If Mumford and Sons, the Beastie Boys, the Avett Bros and 70s rock got together and had a baby, it might sound something like Judah & the Lion. The Nashville-based foursome combine elements of folk, pop, rock, and hip-hop – with a swirl of twangy banjos, picking mandolins, and a high dose of meaty vocals from frontman Judah Akers. Along with Akers, the band is rounded out by Brian McDonald on mandolin, drummer Spencer Cross, and Nate Zuercher, who holds the affectionate title of “banjo wiz.”
Just a few short years ago, these four friends met at Nashville’s Belmont University, where they bonded over a love of music. Now they are creating their own hits like “Take It All Back," which has become a favorite from Sirius Radio to Spotify.
Judah & the Lion have been riding a wave of success with their second full-length and sonically impressive album Folk Hop N Roll. Along with opening for big names like Twenty One Pilots and Kaleo, the boys are about to embark on a summer tour with one of their childhood heroes, Incubus.
The “banjo wiz” himself, Nate Zuercher recently spoke with AXS about Folk Hop N Roll, working with Nashville’s hottest producer Dave Cobb (Chris Stapleton, Jason Isbell), and how it feels to tour with a band he had plastered all over his walls as a kid.
AXS: Can you describe your sound and how you guys have evolved as a band?
Nate Zuercher: The first year or so as a band, we were kind of stuck in the folk realm of like Mumford and Sons, the Avett Brothers and such; mainly because of the instruments we were playing like the banjo and mandolin. I grew up as a punk metal kid but also loved EDM, and I was in the jazz band at school, so I had all these different influences. We all have our own influences. With this last record, Folk Hop N’ Roll, we got rid of all the boundaries and all the walls, and we made whatever music that sounded good to us and just be us as a band.
AXS: All four of you guys come from different parts of the country, grew up listening to all kinds of music. What do you bring from Colorado and what turned you on to music?
NZ: My parents are in the symphony in Colorado, so from a very young age they were teaching me piano and trumpet. When we were in the car they’d listen to the local classical station. When I was six years old I got my first record, Abbey Road by the Beatles. When I got older and was into skating and video games, I got introduced to a lot of ska and punk bands like Dropkick Murphy’s, Goldfinger, and Reel Big Fish. I think that’s still my favorite kind of music.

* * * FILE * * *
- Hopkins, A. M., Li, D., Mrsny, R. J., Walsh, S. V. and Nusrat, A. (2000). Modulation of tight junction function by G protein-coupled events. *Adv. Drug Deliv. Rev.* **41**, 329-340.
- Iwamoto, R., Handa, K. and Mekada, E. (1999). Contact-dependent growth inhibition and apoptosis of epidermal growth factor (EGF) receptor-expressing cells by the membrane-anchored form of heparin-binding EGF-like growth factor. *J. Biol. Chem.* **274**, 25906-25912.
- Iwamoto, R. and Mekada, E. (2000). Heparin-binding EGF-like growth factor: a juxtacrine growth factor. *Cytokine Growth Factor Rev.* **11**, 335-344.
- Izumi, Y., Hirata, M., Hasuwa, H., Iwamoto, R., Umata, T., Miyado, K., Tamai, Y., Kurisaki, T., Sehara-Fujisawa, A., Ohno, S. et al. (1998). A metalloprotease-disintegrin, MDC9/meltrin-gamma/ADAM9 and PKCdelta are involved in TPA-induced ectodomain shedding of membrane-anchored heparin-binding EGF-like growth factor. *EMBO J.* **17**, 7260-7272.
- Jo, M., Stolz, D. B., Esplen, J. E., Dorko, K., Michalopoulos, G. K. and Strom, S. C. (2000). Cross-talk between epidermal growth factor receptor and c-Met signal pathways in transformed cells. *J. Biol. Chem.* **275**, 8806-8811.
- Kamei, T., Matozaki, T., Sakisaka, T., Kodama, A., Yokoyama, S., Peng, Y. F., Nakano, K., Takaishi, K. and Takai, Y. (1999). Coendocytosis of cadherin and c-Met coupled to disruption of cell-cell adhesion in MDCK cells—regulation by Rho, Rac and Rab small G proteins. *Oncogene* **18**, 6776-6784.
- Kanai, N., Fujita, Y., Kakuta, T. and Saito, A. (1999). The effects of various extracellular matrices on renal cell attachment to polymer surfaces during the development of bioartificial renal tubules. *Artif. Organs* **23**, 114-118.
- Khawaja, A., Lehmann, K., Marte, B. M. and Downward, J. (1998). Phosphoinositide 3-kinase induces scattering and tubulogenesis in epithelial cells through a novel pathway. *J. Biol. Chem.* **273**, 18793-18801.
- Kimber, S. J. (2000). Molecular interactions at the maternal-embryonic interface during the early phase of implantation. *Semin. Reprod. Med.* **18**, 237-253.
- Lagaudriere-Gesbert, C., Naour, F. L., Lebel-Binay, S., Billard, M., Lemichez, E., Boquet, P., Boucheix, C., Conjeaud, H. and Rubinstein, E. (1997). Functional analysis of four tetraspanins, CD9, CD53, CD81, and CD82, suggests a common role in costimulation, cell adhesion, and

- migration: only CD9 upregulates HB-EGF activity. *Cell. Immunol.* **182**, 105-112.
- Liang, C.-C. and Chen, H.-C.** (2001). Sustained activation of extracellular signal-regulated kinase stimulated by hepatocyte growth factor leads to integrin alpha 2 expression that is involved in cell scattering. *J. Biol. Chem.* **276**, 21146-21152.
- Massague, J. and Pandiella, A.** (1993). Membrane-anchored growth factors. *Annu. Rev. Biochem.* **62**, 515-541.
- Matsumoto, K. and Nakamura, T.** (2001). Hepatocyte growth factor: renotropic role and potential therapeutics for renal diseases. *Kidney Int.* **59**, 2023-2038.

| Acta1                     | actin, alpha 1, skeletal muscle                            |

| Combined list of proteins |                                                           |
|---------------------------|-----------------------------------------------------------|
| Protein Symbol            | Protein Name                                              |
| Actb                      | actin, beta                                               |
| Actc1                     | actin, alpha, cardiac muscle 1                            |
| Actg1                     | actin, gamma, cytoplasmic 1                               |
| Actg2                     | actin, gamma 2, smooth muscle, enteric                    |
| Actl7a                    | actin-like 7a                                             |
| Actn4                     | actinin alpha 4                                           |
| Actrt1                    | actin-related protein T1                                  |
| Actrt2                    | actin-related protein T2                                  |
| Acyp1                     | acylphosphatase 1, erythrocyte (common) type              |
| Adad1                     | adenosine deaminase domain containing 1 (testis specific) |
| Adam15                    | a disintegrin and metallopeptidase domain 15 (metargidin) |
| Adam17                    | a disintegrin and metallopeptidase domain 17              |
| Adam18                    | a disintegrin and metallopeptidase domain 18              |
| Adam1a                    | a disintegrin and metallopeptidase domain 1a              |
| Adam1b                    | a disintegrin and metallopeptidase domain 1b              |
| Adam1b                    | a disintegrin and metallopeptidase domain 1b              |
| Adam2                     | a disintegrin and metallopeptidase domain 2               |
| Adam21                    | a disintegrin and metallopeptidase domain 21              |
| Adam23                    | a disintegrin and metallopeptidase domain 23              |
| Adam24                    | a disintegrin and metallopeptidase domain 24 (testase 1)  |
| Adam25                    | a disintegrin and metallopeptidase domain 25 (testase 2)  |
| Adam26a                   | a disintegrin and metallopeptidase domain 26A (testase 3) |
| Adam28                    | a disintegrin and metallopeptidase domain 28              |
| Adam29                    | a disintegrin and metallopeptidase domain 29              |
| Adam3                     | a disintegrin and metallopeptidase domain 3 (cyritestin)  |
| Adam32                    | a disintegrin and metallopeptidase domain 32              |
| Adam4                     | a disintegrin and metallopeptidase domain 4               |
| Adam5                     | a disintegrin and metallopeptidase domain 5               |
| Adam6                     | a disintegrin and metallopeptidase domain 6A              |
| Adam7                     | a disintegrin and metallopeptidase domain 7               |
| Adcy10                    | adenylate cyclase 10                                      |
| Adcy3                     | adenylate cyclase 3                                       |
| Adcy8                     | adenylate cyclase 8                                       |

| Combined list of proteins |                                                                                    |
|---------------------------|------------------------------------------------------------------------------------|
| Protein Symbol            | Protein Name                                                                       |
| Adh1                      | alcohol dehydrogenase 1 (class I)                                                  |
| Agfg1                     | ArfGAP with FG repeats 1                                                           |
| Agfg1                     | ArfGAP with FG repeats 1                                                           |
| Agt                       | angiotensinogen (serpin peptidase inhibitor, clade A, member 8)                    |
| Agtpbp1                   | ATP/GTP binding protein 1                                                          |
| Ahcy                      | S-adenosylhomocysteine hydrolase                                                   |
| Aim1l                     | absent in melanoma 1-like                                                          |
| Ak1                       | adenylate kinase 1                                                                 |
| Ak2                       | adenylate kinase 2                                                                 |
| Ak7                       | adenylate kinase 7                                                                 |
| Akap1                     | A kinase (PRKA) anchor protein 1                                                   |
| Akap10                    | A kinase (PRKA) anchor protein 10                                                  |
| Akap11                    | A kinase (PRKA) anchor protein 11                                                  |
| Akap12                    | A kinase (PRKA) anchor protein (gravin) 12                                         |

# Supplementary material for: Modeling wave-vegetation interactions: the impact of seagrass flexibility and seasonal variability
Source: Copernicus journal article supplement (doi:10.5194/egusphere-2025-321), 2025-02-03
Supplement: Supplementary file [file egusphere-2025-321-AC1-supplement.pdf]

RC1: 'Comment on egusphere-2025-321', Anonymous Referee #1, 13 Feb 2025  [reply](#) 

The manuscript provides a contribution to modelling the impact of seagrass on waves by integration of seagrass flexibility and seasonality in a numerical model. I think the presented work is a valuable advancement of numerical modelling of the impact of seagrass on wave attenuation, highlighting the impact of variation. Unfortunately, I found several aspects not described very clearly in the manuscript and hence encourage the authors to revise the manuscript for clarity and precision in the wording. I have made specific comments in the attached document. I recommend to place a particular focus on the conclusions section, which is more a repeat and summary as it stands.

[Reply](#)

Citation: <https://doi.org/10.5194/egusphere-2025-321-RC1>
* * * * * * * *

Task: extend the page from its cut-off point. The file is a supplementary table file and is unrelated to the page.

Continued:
AXS: Your latest album Folk Hop N Roll has really been doing well, getting a lot of playtime on radio and streaming. The lyrics on are inspiring and talk about everyday kinds of struggles. What are you guys trying to say on this album?
NZ: On our last record, we are all just graduated or dropped out of college, we were single, and celebrating freedom for all different reasons. For this album, we are all in a new season of life, and as a band. Judah, our singer had just gotten married when we recorded the record. We were also a few more years into the band. Hopefully Folk Hop N Roll represents our growth as a band, as we try and navigate this whole adult thing (laughs).
AXS: What does a producer like Dave Cobb, who’s had great success bring to your albums?
NZ: Dave’s been an integral part of our journey in the studio. We love that guy! One of the biggest assets he brings to us is encouraging us to trust ourselves. Dave has a strong vision for what he wants, and since we’ve worked with him so much he knows how we function. He’s all about the feel.
AXS: You used to have Incubus posters on your wall growing up and now you are going to be opening up for them this summer. Is that just a big trip for you?
NZ: Isn’t that just wild? We just opened for Twenty One Pilots on their big tour, and that was amazing. Opening for a band like Incubus, a band I grew up loving, puts this at a whole other level of insanity. At least for me anyway. I have about 30 things I want them to sign for me (big laugh). I am looking forward to getting to know them as well.
AXS: Coming up in the next few months you guys are playing BottleRock Festival in Napa, the Governors Ball in Brooklyn, and the KROQ Weenie Roast in Los Angeles. Why have festivals become so important these days and why do you guys like playing them.
NZ: Festivals are just fun (laughs)! I think it’s a cultural, exciting environment where people come together. It basically becomes a new city for a few days, where people are there for a good time – to band together. These days it’s not just about the music, it’s about making new friends, eating good food, drinking good drink (laughs), and of course the music. For us that get to play those festivals is a whole other level of excitement. It’s a very unifying experience for all.
Folk Hop N Roll (Deluxe) is out now, with several new tracks, including the adrenaline pulsing single, “Suit and Jacket.”
Judah & the Lion kick off their next tour leg with a stop at KROQ’s Weenie Roast y Fiesta in Los Angeles this weekend, followed by dates at the Governors Ball in New York City, and the Firefly Festival in Delaware. In September, the band play a couple of hometown gigs with two almost sold-out nights at the famed Ryman Auditorium in Nashville. Then it’s onto a string of European dates with Kaleo in the fall.